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“I have witnessed faith in action within and

through the members of Lutheran Church of the Resurrection,” she said. “They showered us with prayers, cards, phone calls, visits, hugs, and offers of meals and support. I know my recovery was made possible by the love and prayers poured out to us.” In March, Marth was diagnosed with breast

cancer. She underwent surgery and has several months of chemotherapy and weeks of radiation treatment ahead of her. Again, she quickly credits her faith for helping her stay strong. “My faith has remained growing and centered

on Jesus Christ, my savior,” she said. “My faith family has rallied around my family and me once again. I am known affectionately as ‘God’s miracle.’ During my hospital stay and the cancer diagnosis, I have literally been carried by the power of healing prayer and can attest to God’s abundant grace through faith. I know God has a remarkable purpose for me.”

‘Our communities of faith have, as a tradition and out of conviction, committed ourselves to being specialists in providing support to those in need.’

While there is no guarantee that a secular

community that meets regularly wouldn’t have the same socialization benefits that a faith family provides, Taylor thinks religious communities have a “head start,” so to speak, because they have traditions and practices that have been passed down from generation to generation. “Our communities of faith have centuries of

practice offering support,” he said. “Crystallized in the Sermon on the Mount, Christianity’s tradition places charity and the care of widows, orphans, the sick, the imprisoned and the poor at the center of our faith’s action in the world. Our communities of faith have, as a tradition and out of conviction, committed ourselves to being specialists in providing support to those in need.” So what is religion good for? While that answer

varies depending on one’s religious tradition and experiences, the more one’s faith life develops and adapts, the more possibility it has to enhance someone’s health and contribute to sustained happiness throughout life.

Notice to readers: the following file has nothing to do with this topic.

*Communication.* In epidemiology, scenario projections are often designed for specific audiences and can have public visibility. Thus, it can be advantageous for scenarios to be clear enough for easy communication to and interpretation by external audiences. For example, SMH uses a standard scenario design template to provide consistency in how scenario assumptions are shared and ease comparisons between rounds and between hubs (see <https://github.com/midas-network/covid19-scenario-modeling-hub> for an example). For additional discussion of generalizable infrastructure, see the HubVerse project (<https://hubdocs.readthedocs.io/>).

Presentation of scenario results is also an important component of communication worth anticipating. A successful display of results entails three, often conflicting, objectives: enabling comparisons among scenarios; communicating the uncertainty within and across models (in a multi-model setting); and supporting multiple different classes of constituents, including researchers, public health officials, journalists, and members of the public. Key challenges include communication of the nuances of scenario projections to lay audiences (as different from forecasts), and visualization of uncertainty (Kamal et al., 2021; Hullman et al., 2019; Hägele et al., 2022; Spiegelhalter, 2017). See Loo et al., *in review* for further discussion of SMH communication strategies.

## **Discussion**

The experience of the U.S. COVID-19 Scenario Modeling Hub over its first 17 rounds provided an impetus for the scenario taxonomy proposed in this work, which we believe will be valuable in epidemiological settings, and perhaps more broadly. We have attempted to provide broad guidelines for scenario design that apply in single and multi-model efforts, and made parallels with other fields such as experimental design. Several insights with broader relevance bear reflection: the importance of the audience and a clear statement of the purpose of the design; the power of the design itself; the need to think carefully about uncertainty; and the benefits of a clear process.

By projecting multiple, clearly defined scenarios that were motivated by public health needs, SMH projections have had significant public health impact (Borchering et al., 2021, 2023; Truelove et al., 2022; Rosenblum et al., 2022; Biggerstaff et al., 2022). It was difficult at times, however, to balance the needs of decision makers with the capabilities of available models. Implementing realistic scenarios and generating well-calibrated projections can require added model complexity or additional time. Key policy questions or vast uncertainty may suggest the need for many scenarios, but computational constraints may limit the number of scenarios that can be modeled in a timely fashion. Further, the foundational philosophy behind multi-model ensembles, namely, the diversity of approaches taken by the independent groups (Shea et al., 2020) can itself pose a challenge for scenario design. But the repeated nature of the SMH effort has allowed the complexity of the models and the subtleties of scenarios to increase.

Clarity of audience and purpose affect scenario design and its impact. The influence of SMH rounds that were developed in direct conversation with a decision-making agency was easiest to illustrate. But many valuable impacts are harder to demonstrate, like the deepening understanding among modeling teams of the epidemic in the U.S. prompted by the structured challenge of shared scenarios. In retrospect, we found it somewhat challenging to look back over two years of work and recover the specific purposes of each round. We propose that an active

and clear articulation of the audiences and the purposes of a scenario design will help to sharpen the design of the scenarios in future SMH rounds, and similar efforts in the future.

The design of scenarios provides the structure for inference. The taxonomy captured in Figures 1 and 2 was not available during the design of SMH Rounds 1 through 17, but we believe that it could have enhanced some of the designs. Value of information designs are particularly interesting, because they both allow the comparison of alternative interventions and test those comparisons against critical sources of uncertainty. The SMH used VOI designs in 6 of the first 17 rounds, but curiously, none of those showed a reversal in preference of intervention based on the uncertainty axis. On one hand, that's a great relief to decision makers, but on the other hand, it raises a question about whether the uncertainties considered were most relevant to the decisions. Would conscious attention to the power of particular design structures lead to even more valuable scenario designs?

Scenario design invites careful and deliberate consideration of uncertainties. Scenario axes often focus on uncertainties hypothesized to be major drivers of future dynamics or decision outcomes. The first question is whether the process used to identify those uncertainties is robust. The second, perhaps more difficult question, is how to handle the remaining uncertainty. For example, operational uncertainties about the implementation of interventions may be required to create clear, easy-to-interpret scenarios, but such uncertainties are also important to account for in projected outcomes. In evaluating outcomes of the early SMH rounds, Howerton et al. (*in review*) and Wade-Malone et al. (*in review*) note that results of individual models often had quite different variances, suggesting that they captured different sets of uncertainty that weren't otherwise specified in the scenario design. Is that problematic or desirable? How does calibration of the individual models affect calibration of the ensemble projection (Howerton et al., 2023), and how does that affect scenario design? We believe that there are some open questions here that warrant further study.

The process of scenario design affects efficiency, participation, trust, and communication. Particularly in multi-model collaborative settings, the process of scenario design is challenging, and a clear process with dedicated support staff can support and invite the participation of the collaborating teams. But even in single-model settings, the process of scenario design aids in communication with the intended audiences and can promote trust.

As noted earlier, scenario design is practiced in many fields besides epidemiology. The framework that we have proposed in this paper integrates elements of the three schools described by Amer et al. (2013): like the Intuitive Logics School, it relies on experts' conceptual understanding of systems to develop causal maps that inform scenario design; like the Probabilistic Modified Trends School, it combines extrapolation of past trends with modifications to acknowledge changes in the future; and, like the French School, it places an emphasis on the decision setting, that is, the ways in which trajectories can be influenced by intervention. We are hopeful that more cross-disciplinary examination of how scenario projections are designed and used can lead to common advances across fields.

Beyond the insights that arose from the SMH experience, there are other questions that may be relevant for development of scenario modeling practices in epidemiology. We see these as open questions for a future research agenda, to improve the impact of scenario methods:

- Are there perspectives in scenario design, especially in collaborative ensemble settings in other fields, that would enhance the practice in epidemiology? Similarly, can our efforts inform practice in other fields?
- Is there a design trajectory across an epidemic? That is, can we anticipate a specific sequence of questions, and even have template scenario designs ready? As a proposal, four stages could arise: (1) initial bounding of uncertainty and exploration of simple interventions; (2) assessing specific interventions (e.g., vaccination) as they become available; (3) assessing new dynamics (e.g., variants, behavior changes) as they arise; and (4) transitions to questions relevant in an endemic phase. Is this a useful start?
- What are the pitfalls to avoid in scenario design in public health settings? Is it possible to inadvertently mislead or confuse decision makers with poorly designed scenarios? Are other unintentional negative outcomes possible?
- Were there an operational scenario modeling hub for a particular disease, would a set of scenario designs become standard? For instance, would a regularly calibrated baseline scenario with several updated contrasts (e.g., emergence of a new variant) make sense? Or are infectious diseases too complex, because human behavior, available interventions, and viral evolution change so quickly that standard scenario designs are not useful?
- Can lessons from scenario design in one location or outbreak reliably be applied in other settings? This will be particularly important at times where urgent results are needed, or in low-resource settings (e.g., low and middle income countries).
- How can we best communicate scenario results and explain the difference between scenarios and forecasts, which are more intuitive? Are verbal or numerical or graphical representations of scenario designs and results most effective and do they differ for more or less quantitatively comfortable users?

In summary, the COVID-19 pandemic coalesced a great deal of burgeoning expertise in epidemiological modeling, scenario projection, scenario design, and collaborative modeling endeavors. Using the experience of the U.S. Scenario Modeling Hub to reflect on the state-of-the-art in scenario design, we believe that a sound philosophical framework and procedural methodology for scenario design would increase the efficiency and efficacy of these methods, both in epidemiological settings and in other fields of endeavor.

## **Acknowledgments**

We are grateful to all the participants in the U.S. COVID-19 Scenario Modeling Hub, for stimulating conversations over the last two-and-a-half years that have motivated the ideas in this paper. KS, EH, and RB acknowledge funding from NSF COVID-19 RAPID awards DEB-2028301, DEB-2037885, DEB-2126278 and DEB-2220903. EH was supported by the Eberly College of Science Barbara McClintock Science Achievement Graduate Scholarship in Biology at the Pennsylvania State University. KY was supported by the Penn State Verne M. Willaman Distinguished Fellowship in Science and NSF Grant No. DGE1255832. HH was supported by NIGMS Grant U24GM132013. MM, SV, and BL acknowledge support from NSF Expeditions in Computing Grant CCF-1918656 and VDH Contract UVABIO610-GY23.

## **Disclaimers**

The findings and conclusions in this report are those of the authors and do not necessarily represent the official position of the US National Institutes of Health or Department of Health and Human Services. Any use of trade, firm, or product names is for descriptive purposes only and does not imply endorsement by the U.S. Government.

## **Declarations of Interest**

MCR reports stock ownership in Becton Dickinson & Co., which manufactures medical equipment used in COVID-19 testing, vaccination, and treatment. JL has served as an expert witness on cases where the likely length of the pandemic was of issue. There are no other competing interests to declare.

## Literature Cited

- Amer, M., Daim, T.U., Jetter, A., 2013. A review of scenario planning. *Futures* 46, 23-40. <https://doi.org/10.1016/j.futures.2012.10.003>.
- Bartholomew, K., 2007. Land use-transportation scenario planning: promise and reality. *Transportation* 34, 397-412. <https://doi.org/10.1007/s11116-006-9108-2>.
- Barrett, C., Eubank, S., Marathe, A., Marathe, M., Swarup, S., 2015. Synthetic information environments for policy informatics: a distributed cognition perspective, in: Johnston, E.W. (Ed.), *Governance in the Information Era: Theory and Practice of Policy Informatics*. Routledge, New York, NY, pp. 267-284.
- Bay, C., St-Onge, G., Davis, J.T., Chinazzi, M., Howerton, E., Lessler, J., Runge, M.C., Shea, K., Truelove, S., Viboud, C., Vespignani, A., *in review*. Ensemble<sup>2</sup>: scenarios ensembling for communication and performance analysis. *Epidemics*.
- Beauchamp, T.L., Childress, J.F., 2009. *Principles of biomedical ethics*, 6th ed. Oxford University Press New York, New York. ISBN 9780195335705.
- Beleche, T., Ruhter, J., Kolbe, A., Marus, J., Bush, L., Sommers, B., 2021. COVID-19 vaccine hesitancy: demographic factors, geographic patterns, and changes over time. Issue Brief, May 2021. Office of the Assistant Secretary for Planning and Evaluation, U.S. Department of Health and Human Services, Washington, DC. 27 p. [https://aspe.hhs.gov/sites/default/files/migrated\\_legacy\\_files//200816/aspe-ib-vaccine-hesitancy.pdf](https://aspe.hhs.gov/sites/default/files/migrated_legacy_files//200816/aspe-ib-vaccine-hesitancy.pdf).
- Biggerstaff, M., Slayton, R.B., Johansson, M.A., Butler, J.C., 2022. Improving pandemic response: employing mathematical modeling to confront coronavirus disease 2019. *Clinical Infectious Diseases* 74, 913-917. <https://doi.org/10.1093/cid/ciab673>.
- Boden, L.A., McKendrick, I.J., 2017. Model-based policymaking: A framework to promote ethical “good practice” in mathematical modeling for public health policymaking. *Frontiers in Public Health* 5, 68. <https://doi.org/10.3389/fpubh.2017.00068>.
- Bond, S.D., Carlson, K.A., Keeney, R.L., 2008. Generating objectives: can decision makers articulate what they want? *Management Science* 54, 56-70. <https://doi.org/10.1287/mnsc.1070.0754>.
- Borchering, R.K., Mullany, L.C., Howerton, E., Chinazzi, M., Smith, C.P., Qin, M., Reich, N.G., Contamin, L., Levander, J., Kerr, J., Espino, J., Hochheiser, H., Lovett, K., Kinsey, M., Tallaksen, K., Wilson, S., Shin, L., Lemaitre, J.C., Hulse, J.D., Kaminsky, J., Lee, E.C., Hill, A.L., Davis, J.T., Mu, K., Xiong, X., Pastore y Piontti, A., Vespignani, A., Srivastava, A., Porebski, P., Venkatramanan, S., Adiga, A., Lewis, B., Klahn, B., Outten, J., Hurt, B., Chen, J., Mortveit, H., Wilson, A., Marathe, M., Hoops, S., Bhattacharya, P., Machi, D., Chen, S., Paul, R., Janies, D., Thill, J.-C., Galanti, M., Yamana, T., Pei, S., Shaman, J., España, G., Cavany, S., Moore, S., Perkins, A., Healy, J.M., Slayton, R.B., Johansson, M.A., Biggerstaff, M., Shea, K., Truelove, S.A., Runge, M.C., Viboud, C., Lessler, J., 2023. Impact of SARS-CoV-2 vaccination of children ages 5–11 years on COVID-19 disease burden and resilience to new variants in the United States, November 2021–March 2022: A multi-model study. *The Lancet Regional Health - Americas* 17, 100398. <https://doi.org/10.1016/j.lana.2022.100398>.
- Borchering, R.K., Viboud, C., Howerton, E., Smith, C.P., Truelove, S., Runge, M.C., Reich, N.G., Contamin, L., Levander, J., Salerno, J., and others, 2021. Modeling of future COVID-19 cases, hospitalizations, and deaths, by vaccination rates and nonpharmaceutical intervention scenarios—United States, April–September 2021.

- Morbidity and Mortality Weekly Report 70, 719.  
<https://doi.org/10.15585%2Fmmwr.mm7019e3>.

For a study guide, find this article at

Brandsrud is an associate editor of Living Lutheran.

18 JUNE 2016

Practices of a tangible faith By Rochelle Melander

When my daughter was 3 she had a series of seizures. Someone said to me, “You’ll be OK; your strong faith will get you through.” I was an ordained ELCA pastor with two master’s degrees, but I had no idea how something as intangible as faith could carry me through the unknown days ahead. Looking back, I can see that God strengthened and sustained me through the people and practices of the faith community.

The following practices can make an intangible faith seem more evident and have been associated with multiple health benefits, including strengthening the immune system, reducing rates of depression and anxiety, and boosting the sense of life satisfaction.

Connecting In the days following my daughter’s seizures, my husband and I camped out at the hospital. Family and friends called and stopped by, bringing food, hugs and gifts. I called friends, colleagues and clients to share what had happened.

TRY: Go to church. Learn the names of a few people and connect with them each week. Engage with your community by joining a Bible study, work team or discussion group. But don’t limit your faith connections to church. I exercise daily with people from a variety of denominations. Their greetings and smiles start my day right.

Focusing and savoring After my daughter’s seizures, her medical team told us to watch her carefully. The seizures could happen at any time and she could be in danger if she was near water or stairs. Being on seizure watch caused anxiety and affected our ability to work, but it also brought a gift. We played and laughed with our daughter. I still treasure those memories. The practice of attending to the present moment is called mindfulness and recalling it is called savoring.

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